History of Tahoe
Lake Tahoe is as rich in American cultural history as it is in blue water and towering peaks. Pre-historic nomadic Americans, early Western pioneers, Hollywood icons and modern-day trail-blazers have all known the beauty that is the Sierra Nevada.,The complete story of Lake Tahoe is too long and complex to chronicle on one website, but the following will give you the Reader’s Digest overview on the area’s history. For more, the follow-up links below will provide additional details on the origins of our favorite place in the world.
The Geological Formation of Lake Tahoe
About 2 million years ago, a shift in tectonic plates caused the Tahoe Basin to drop down between the Sierra crest to the west and the Carson range to the east. Volcanic activity, also caused by the tectonic shifts, led to expulsion of magma up through the faults, filling in gaps and damming the valley.
Ten thousand years ago, at the time of the last ice age, individual glaciers formed at the area’s highest elevations, on the north, west and south ends of the Lake. Movement by the glaciers scoured out basins and formed Donner Lake, Emerald Bay on Lake Tahoe and Fallen Leaf Lake, which sits up and to the West of Lake Tahoe.
Today, erosion and weathering is causing a slow, undetectable lowering of the Sierra, the mountain range that houses Tahoe. It is believed that Lake Tahoe is filling in with sediment at a rate of one foot every 3,200 years, so that in 3,158,400 years the lake will be replaced by a meadow.
A complete explanation and history of Lake Tahoe’s geology by CERES – The California Environmental Resources Evaluation System
The Basic Geology of Lake Tahoe and the Sierra Nevada from Geocities
Tsunami! At Lake Tahoe? Science News, 2000
The First Visitors to Lake Tahoe
The earliest known inhabitants of the Tahoe Basin were the nomadic predecessors to the Washoe, Maidu and Paiute Indian Tribes. These clans existed during the Middle Archaic Period and reportedly returned to the area seasonally to collect medicinal plants, hunt, fish and create stone tools.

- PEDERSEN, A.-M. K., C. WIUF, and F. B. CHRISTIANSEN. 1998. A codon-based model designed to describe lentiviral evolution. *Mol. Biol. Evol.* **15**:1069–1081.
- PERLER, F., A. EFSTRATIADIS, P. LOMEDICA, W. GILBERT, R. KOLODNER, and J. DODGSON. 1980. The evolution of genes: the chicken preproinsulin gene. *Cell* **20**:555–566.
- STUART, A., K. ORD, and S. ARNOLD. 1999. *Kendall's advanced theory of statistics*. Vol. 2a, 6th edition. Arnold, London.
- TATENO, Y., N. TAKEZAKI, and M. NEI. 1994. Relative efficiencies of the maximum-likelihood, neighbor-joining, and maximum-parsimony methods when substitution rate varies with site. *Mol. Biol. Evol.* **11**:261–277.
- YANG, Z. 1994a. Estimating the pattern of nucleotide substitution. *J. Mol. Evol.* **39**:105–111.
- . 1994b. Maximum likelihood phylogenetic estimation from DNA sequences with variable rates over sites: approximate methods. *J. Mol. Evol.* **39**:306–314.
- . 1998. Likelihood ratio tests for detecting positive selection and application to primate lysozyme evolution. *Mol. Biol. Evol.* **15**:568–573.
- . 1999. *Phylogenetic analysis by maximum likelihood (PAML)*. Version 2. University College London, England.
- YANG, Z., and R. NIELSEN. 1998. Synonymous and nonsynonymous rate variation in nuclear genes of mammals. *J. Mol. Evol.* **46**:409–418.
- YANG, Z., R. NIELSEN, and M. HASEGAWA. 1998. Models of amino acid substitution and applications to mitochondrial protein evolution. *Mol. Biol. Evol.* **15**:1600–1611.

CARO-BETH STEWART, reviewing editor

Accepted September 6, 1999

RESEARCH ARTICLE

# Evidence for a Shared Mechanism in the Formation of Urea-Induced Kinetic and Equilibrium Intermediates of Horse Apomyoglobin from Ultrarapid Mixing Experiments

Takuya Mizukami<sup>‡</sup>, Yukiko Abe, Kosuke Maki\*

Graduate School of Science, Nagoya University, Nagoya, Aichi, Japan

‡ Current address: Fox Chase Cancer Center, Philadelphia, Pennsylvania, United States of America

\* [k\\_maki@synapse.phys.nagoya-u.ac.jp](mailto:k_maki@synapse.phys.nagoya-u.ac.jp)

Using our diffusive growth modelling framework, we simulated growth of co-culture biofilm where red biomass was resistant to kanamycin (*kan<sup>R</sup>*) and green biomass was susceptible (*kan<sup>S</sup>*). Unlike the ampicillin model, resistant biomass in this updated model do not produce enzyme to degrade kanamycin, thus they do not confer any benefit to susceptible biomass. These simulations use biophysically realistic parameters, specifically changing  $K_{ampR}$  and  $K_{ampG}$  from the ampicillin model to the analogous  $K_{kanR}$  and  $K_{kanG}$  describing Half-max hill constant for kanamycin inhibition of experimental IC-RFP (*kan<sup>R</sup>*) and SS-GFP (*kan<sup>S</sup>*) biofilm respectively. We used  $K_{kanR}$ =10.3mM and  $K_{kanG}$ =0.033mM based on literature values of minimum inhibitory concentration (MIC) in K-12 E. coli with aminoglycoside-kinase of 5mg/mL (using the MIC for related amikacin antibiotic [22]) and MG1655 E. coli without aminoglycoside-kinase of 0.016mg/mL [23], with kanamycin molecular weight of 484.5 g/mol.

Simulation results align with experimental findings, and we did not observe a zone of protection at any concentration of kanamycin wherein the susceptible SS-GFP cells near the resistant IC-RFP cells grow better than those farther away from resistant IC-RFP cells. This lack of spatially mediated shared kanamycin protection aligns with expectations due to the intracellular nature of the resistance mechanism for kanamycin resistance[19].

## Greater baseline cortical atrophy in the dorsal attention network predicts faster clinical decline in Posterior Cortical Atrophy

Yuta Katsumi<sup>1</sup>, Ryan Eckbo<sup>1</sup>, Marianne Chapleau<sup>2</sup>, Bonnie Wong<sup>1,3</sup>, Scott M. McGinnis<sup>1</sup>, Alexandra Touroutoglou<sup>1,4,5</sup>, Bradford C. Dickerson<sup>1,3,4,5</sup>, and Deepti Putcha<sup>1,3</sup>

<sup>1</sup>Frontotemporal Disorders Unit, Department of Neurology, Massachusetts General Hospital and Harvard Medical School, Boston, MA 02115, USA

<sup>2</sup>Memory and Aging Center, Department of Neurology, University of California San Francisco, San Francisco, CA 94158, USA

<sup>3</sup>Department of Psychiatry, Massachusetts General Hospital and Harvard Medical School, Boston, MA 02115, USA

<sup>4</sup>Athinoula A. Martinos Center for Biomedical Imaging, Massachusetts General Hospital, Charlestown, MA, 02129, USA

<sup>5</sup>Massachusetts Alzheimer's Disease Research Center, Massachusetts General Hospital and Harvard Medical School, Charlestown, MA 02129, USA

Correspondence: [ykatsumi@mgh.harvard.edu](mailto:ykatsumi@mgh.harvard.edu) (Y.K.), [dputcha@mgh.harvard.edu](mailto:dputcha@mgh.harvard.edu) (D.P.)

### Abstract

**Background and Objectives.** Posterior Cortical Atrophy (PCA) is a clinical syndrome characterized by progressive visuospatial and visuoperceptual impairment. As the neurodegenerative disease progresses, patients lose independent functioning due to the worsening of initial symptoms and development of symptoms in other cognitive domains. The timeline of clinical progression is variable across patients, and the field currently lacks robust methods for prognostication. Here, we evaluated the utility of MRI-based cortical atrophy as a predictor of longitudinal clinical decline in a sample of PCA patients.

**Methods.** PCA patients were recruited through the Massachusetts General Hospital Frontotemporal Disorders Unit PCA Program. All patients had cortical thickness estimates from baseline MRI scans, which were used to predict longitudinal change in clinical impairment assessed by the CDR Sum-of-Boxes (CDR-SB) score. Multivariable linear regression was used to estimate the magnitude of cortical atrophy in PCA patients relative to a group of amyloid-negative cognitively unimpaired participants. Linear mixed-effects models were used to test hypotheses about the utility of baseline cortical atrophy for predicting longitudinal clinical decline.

In time, three bands of the peaceful Washoe Indians were regular occupants of the Tahoe shoreline during the summers. They found spiritual significance in the beauty of the Lake and surrounding mountains, and today their descendents are major players in the efforts to conserve this natural habitat. The Washoe Hunting and Fishing Commission, founded in 1978, is responsible for regulating hunting and fishing as well as protecting wildlife and other natural resources.
The first recorded sighting of Lake Tahoe by a European explorer was written by John C. Fremont in February 1844. Legendary explorer Kit Carson was the leader of Fremont’s exploration party. As eastern settlers began to move west, the Tahoe region saw an influx of emigrants moving through the area. These western-bound travelers included the infamous Donner Party, who spent the winter of 1846-47 stranded at the eastern end of Donner Lake, a few miles from present-day Truckee. The wagon company, which originally comprised 87 adults and children, lost 42 members to cold and starvation.
Transportation Means Population
The Sierra persisted as major obstacle for pioneers trying to reach the California’s land of milk and honey. But there was no holding back and the westward migration was steady.
In 1849, with the advent of the California Gold Rush, the emigrant influx morphed into a flood, and passes to the north and south of the Basin sustained considerable pioneer traffic. The first East-West road to carve directly across the mountains was the “Bonanza Road,” built after the 1859 discovery of the Comstock Lode in Virginia City. Today, this route is known as Highway 50.
The Comstock Lode, which emerged as the richest known deposit of silver in the U.S., turned Virginia City into a metropolis of 20,000, gaining Nevada statehood and developing the area into a center of wealth and culture. The effect on Tahoe was not quite as positive. Between 1860 and 1890, nearly all of the trees in the Tahoe Basin were logged to provide wood for the complex underground tunnels and excavation. The demise of the Comstock Lode just before the turn of the century could not have occurred soon enough; evidence of this extensive logging can still be seen today in the area’s forests.